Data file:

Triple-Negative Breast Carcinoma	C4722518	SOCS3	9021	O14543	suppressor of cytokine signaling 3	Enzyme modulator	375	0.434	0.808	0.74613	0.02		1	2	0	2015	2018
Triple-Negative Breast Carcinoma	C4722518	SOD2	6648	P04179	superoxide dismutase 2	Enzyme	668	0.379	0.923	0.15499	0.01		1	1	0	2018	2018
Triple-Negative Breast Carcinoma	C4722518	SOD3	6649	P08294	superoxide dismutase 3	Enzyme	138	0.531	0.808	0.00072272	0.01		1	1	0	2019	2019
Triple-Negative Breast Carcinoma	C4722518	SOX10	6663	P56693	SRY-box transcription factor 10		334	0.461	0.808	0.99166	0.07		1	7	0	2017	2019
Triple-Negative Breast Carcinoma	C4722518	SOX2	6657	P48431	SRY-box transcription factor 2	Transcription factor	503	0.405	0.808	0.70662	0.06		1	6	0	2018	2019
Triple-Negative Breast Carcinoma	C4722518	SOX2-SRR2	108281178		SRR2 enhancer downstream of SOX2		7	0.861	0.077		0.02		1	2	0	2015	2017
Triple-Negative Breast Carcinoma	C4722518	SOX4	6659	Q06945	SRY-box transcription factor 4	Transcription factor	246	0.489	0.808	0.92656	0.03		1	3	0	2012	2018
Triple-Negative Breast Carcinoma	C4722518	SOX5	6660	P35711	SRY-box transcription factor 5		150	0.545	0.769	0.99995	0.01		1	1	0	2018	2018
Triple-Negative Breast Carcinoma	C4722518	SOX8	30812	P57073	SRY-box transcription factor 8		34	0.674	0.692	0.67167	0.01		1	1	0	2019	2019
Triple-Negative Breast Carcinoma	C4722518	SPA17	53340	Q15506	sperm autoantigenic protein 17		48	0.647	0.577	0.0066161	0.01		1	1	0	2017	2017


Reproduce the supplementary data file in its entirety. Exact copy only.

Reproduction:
Triple-Negative Breast Carcinoma	C4722518	SOCS3	9021	O14543	suppressor of cytokine signaling 3	Enzyme modulator	375	0.434	0.808	0.74613	0.02		1	2	0	2015	2018
Triple-Negative Breast Carcinoma	C4722518	SOD2	6648	P04179	superoxide dismutase 2	Enzyme	668	0.379	0.923	0.15499	0.01		1	1	0	2018	2018
Triple-Negative Breast Carcinoma	C4722518	SOD3	6649	P08294	superoxide dismutase 3	Enzyme	138	0.531	0.808	0.00072272	0.01		1	1	0	2019	2019
Triple-Negative Breast Carcinoma	C4722518	SOX10	6663	P56693	SRY-box transcription factor 10		334	0.461	0.808	0.99166	0.07		1	7	0	2017	2019
Triple-Negative Breast Carcinoma	C4722518	SOX2	6657	P48431	SRY-box transcription factor 2	Transcription factor	503	0.405	0.808	0.70662	0.06		1	6	0	2018	2019
Triple-Negative Breast Carcinoma	C4722518	SOX2-SRR2	108281178		SRR2 enhancer downstream of SOX2		7	0.861	0.077		0.02		1	2	0	2015	2017
Triple-Negative Breast Carcinoma	C4722518	SOX4	6659	Q06945	SRY-box transcription factor 4	Transcription factor	246	0.489	0.808	0.92656	0.03		1	3	0	2012	2018
Triple-Negative Breast Carcinoma	C4722518	SOX5	6660	P35711	SRY-box transcription factor 5		150	0.545	0.769	0.99995	0.01		1	1	0	2018	2018
Triple-Negative Breast Carcinoma	C4722518	SOX8	30812	P57073	SRY-box transcription factor 8		34	0.674	0.692	0.67167	0.01		1	1	0	2019	2019
Triple-Negative Breast Carcinoma	C4722518	SPA17	53340	Q15506	sperm autoantigenic protein 17		48	0.647	0.577	0.0066161	0.01		1	1	0	2017	2017